Even before the votes were counted, the drumbeat of news about skyrocketing rates of diabetes seemed to have crossed a threshold – 40 percent of Americans will have diabetes sometime in their lives and a quarter of U.S. teens already have diabetes or pre-diabetes. With overwhelming scientific evidence showing that sugary drinks play a central role in the out-of-control diabetes epidemic, people were ready to take action.
While the soda industry relied on a tried-and-true playbook of fear-mongering, voters, parents and health care providers in Berkeley had had enough. Despite the most aggressive and expensive industry-sponsored campaign in the city’s history, voters held tight to common sense and passed, by a 3-1 margin, a tax on sodas and other sugary drinks that is bound to have repercussions in cities across California and the nation. In San Francisco, up against a $10 million media onslaught, a majority of voters supported a soda tax as well, but fell short of the required two-thirds threshold.
In many ways, it was never really a fair fight. Yes, Big Soda had the deep pockets, the sophisticated campaign staff, the paid activists and the ability to buy out every advertising medium in the region. But the industry lacked any way to alter the facts. America’s growing obesity and diabetes problems have taken a staggering toll on the public’s health, and sugary drinks are the leading culprit.
You have to give the beverage giants credit. They went down fighting. They dug deep into the old bag of arguments that tobacco used two generations earlier: lost jobs, an unfair burden on low-income consumers and increased cost of living.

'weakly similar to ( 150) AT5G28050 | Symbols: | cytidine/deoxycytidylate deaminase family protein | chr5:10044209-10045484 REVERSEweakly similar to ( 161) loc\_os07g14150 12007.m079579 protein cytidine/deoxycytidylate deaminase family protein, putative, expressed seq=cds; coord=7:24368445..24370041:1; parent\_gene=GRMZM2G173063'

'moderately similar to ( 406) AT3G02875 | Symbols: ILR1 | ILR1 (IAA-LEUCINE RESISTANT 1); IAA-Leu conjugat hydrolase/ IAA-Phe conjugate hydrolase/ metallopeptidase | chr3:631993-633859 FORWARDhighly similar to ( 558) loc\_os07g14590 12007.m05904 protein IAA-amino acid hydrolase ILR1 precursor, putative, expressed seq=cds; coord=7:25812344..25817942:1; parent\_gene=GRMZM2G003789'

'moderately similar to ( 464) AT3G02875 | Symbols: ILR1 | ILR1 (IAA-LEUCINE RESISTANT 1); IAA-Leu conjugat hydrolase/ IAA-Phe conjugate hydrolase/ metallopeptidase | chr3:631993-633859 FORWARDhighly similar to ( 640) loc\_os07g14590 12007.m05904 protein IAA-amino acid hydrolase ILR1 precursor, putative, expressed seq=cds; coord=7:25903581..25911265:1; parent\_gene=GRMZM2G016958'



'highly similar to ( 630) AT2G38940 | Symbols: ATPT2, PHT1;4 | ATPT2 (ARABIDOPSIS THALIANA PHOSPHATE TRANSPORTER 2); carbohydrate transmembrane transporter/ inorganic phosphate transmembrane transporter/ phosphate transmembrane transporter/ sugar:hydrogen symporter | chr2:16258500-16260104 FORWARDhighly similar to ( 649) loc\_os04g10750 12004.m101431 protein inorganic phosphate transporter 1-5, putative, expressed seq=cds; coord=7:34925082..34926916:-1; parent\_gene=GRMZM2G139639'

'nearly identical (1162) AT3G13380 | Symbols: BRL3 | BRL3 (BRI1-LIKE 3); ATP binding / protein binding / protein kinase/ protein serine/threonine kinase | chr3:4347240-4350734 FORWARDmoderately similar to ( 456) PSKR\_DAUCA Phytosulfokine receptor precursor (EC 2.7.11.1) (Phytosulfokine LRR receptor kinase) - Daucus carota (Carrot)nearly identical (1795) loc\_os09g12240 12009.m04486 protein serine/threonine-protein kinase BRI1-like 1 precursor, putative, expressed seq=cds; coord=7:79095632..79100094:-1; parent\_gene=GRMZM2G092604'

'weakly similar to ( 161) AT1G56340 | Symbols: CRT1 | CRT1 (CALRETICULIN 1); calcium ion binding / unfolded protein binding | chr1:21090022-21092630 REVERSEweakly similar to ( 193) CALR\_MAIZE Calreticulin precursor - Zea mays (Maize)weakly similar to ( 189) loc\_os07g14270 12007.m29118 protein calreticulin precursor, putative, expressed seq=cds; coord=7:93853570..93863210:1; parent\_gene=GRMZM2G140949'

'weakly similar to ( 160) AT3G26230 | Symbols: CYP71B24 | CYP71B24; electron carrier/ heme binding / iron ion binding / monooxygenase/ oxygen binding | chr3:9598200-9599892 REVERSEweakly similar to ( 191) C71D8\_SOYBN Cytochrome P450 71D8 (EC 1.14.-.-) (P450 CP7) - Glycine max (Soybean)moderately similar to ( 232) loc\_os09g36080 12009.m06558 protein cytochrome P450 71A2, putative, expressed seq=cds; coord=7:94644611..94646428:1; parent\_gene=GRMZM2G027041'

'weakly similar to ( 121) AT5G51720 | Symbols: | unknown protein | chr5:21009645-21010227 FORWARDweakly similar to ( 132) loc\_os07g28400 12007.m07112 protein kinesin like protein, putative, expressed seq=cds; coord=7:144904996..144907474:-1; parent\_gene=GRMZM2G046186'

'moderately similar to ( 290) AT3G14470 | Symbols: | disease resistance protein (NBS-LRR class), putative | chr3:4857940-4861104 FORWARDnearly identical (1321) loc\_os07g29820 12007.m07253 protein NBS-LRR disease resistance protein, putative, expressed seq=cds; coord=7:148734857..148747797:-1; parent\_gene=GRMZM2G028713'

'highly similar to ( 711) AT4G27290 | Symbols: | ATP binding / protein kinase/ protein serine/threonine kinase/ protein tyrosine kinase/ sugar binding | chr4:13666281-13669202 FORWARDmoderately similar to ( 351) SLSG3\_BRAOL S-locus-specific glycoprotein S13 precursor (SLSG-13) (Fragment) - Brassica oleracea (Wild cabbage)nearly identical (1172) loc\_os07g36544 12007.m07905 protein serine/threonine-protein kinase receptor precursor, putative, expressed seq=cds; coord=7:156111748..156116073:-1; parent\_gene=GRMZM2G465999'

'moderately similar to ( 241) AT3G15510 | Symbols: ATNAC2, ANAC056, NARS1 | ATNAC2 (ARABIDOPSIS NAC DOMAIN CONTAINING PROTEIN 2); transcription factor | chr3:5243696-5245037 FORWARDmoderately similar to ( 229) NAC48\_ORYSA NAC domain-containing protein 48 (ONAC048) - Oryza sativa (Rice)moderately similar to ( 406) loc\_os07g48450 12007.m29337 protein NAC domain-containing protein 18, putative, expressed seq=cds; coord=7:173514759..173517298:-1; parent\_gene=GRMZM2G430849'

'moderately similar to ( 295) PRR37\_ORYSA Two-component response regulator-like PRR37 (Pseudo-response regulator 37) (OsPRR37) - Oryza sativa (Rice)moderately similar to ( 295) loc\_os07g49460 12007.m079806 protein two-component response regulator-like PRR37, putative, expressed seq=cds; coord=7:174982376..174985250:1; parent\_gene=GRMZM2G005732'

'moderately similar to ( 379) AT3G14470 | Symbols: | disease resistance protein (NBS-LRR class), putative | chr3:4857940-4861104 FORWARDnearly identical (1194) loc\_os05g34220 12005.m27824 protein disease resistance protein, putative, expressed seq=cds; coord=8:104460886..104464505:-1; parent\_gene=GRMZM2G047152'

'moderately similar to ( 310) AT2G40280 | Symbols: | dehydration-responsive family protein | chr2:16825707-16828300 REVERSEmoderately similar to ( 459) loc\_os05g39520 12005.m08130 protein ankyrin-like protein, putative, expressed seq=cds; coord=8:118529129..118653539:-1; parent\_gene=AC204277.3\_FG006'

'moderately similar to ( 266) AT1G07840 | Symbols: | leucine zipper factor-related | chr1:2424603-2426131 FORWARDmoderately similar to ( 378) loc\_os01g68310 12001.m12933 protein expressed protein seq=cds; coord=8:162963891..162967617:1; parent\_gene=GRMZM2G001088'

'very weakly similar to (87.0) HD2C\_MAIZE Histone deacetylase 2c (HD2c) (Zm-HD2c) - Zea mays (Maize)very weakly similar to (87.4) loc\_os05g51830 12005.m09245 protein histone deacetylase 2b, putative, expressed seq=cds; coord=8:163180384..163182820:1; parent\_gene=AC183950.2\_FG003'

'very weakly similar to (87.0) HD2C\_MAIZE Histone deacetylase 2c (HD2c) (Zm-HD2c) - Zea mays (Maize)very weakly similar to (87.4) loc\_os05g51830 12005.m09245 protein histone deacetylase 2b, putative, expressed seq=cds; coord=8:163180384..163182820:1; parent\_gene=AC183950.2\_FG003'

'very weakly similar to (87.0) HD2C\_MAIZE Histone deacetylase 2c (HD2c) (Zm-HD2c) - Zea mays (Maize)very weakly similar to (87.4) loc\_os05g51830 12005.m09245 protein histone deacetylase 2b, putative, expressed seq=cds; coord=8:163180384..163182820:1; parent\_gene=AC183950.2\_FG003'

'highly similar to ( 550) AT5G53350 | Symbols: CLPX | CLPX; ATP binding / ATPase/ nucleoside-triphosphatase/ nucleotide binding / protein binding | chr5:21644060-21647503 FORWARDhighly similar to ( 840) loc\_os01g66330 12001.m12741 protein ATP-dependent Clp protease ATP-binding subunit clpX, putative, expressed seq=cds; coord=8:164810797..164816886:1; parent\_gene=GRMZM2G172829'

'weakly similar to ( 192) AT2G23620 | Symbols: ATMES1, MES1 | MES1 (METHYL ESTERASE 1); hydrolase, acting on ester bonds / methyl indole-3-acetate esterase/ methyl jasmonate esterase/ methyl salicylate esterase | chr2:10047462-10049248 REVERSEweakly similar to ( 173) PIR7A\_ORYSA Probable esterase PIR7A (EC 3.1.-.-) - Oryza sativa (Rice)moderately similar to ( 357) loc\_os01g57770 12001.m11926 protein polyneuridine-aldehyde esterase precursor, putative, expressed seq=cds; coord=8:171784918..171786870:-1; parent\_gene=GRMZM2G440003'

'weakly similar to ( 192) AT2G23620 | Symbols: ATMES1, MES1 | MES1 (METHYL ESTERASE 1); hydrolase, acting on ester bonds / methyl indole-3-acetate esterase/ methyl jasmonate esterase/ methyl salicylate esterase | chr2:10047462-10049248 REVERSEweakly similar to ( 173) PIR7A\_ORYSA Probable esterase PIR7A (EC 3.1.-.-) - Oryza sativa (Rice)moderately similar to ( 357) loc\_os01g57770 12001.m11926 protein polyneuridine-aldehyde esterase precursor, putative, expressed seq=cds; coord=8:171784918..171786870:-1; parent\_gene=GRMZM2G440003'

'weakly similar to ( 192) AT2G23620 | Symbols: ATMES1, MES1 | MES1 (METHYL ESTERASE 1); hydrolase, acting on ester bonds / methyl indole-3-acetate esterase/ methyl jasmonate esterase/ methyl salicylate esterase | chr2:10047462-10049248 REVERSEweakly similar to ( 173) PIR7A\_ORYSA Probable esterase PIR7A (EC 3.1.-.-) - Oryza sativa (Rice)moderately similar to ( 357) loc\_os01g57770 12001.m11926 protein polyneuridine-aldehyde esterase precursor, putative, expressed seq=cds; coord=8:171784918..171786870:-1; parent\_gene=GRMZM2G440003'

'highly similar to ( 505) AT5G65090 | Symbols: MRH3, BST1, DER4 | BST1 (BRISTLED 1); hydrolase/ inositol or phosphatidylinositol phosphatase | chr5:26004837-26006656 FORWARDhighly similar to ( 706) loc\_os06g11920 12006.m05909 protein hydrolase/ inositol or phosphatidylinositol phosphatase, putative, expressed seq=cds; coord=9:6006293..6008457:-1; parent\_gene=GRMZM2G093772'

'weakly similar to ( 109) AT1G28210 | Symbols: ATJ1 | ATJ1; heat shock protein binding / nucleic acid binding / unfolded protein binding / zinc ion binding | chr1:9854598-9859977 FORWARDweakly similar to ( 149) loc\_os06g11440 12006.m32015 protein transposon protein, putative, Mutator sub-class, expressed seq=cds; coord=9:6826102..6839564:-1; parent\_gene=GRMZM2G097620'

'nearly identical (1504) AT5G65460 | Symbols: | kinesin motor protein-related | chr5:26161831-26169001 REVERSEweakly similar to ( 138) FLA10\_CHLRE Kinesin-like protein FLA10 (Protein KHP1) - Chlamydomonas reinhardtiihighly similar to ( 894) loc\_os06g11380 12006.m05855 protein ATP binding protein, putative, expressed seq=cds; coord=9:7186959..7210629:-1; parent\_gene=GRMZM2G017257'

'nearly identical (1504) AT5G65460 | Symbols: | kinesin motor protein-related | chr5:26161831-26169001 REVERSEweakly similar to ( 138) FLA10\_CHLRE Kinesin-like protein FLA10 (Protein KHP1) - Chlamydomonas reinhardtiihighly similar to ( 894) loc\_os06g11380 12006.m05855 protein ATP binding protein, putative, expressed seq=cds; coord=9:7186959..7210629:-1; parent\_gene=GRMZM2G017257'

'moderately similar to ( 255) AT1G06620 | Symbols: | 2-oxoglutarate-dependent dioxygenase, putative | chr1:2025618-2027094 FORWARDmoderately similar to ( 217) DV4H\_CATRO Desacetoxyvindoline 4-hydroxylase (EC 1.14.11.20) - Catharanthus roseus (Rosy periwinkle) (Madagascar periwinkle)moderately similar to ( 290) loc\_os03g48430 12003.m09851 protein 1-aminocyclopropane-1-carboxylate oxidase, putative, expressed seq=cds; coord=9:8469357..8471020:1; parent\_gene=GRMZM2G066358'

But the same arguments the beverage industry employed two years earlier to defeat similar soda taxes in Richmond and El Monte had grown threadbare. Times had changed and voters were now more concerned about protecting their children from a life of diabetes than keeping the price of a can of Coke under a dollar.
By any measure, Tuesday’s passage of the soda tax is a game changer for diabetes prevention and may be an early indicator that Americans will, in time, be less willing to give a free pass to products that sicken their communities.
Of course, the beverage companies will keep fighting. You can expect them to slander Berkeley voters as being “out-of-touch, fringe radicals.” Intent on isolating the contagion of consumers holding their product accountable for the damage it does, the beverage industry will try to keep other municipalities from funding needed children’s health programs with local soda taxes.
For besieged soda executives, though, the name-calling will do little to change a basic reality: Consumers aren’t stupid. With growing awareness and increased understanding of the harm caused by liquid sugar, more and more Americans are steering their shopping carts clear of the soda aisle.
And, as with tobacco and alcohol, taxes are increasingly being seen by voters as an appropriate and responsible way to curb the sale of unhealthy sugary drinks and raise money to fund nutrition education, healthier school lunches, more physical education teachers and after-school physical activity programs.
Sorry Pepsi, Coke and Dr Pepper – in more and more cities around the country, there will be a price to pay for selling unhealthy products. Soda taxes are inevitable.
Harold Goldstein is executive director of the California Center for Public Health Advocacy.